Peace operations have been a principal tool used to curb conflict in Africa over the past decade, with over 40 operations deployed since 2000. This Security Brief takes stock of lessons learned from these experiences and the implications they hold for improving the effectiveness of future peace operations in Africa.

    Download the Security Brief [PDF]: ENGLISH | FRANÇAIS | PORTUGUÊS

  • The African Standby Force: An Update on Progress

    Ugandan-soldiers-African-Union-Mission-in-Somalia-AMISOMBy Jakkie Cilliers. Institute for Security Studies, 2009.A detailed update on the growth of the continental (AU) and regional (RECs) institutions designed to execute strategy and operations for the five African peace brigades. Includes information on the logistical plans, command and control, equipment, and mandates of the ASF. Download the Article: [PDF]
  • Strengthening AFRICOM's Case

    Strengthening AFRICOM's Case. By J. Stephen Morrison, William M. Bellamy, Kathleen Hicks. Center for Strategic International Studies, 2008. [PDF]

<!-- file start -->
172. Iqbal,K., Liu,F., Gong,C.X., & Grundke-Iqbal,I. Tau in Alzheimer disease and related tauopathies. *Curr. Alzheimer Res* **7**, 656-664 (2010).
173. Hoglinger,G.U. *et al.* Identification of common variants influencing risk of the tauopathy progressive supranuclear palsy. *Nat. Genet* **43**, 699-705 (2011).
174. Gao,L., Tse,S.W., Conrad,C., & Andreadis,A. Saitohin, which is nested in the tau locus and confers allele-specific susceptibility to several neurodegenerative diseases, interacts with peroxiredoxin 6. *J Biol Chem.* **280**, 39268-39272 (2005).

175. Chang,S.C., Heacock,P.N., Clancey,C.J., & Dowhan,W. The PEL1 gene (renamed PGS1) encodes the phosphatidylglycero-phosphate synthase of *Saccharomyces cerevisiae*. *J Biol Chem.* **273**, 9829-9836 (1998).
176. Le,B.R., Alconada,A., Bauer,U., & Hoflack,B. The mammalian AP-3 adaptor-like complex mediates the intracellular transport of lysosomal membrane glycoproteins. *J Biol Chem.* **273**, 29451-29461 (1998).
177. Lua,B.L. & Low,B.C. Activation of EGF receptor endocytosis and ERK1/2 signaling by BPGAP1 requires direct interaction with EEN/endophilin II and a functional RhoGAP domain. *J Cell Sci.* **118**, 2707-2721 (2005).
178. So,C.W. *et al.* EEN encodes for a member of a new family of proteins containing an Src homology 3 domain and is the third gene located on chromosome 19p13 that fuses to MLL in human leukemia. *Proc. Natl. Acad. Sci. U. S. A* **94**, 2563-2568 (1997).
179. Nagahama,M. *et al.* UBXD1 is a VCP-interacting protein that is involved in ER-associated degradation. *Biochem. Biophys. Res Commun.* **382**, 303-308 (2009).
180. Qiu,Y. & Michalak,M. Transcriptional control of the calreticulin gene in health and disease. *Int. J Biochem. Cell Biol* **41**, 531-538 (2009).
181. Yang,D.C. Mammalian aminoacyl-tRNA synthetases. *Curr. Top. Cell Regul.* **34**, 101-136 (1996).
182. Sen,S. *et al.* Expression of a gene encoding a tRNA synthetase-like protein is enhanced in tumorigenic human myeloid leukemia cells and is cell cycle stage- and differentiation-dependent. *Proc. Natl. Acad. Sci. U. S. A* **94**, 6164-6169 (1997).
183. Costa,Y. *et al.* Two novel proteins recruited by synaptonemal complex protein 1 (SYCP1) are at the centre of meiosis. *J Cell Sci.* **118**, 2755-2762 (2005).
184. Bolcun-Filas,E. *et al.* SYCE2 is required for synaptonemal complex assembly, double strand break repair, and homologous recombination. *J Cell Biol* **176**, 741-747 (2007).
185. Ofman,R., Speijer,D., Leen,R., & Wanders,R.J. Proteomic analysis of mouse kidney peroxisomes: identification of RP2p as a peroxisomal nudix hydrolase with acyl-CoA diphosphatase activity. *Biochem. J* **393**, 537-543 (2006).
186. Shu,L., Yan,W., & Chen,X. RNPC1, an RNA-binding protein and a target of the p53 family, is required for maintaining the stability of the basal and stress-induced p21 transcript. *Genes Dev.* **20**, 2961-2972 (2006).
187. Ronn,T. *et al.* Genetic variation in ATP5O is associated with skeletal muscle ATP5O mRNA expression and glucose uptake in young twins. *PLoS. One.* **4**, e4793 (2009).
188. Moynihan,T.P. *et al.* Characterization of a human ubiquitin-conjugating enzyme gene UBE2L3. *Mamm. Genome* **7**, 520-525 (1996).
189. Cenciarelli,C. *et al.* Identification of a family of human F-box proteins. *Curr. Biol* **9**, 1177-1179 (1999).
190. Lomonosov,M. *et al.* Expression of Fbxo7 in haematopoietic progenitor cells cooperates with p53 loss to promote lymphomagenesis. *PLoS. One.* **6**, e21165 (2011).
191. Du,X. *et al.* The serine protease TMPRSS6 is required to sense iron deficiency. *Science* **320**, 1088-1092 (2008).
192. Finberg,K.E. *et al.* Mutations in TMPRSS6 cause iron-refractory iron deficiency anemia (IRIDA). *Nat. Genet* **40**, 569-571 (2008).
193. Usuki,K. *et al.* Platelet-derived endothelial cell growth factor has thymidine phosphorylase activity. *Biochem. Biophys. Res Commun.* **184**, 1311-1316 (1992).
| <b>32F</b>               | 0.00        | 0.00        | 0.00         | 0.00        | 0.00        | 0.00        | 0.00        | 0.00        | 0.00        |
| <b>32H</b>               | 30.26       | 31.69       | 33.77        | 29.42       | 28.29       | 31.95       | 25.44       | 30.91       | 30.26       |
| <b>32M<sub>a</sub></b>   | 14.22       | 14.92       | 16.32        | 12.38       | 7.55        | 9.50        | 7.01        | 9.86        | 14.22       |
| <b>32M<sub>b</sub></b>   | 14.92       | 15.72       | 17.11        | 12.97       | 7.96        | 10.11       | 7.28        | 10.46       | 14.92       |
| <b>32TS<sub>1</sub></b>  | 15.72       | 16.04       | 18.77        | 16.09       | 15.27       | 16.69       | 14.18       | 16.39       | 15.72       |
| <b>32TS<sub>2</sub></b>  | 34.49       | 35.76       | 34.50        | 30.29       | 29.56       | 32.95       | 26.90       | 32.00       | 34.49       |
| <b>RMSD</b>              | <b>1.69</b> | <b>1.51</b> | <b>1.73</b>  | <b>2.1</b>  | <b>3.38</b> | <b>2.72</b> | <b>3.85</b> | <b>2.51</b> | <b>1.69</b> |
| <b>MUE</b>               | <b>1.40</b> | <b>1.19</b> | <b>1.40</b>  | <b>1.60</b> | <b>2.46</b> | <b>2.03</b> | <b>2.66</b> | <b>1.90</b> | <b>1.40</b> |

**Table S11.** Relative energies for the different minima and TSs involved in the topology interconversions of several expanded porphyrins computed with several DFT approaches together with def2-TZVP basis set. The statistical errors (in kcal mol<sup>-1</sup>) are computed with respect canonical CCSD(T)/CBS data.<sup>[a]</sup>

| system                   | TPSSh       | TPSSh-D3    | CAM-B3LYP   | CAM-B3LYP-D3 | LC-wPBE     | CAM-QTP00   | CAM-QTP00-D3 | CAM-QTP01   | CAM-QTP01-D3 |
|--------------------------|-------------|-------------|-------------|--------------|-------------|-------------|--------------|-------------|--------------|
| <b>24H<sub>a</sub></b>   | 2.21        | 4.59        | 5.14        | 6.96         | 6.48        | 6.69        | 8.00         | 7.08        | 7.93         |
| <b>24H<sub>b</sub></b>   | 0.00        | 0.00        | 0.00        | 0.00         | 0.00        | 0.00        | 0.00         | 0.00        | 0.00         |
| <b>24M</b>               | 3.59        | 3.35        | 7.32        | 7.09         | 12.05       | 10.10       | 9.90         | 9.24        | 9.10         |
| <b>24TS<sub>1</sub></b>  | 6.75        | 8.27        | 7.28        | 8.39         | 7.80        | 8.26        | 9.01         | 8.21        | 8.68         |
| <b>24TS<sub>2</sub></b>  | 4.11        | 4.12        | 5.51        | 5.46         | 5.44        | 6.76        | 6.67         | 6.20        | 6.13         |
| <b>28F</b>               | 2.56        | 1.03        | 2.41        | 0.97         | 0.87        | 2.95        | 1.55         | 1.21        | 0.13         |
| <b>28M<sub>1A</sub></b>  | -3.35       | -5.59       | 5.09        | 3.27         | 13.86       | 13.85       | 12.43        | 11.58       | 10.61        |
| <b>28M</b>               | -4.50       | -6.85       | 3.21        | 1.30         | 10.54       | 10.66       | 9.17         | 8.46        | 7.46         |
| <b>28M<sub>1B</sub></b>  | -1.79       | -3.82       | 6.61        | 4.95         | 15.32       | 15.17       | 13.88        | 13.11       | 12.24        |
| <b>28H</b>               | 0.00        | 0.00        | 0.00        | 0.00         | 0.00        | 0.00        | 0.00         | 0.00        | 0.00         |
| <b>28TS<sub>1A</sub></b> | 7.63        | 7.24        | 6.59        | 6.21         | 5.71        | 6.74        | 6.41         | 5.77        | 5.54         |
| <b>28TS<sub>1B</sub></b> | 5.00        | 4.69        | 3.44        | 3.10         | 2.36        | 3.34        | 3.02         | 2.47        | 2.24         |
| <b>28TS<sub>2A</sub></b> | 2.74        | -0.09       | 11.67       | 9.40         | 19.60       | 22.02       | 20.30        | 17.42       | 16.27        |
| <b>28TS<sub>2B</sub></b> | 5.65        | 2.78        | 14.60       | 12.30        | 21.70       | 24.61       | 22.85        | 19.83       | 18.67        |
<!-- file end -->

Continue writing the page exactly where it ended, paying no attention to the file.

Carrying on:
• In Sudan’s Darfur: Action, Not Just Aid

    In Sudan’s Darfur: Action, Not Just Aid. By Joseph Siegle. Christian Science Monitor, June 30, 2004. [HTML]
  • The Political Origin of Refugee Crises

    The Political Origin of Refugee Crises.  By Joseph Siegle. keynote address presented to 10th Annual Conference of the African Refugee Network, May 26, 2004. [PDF]
  • The UN in Mozambique and Angola: Lessons Learned

    The UN in Mozambique and Angola: Lessons Learned. By Assis Malaquias. Beyond the Emergency: Development within UN Peace Missions. Routledge, 1997. [GOOGLE]

Piracy

  • Dynamics of Piracy off the Horn of Africa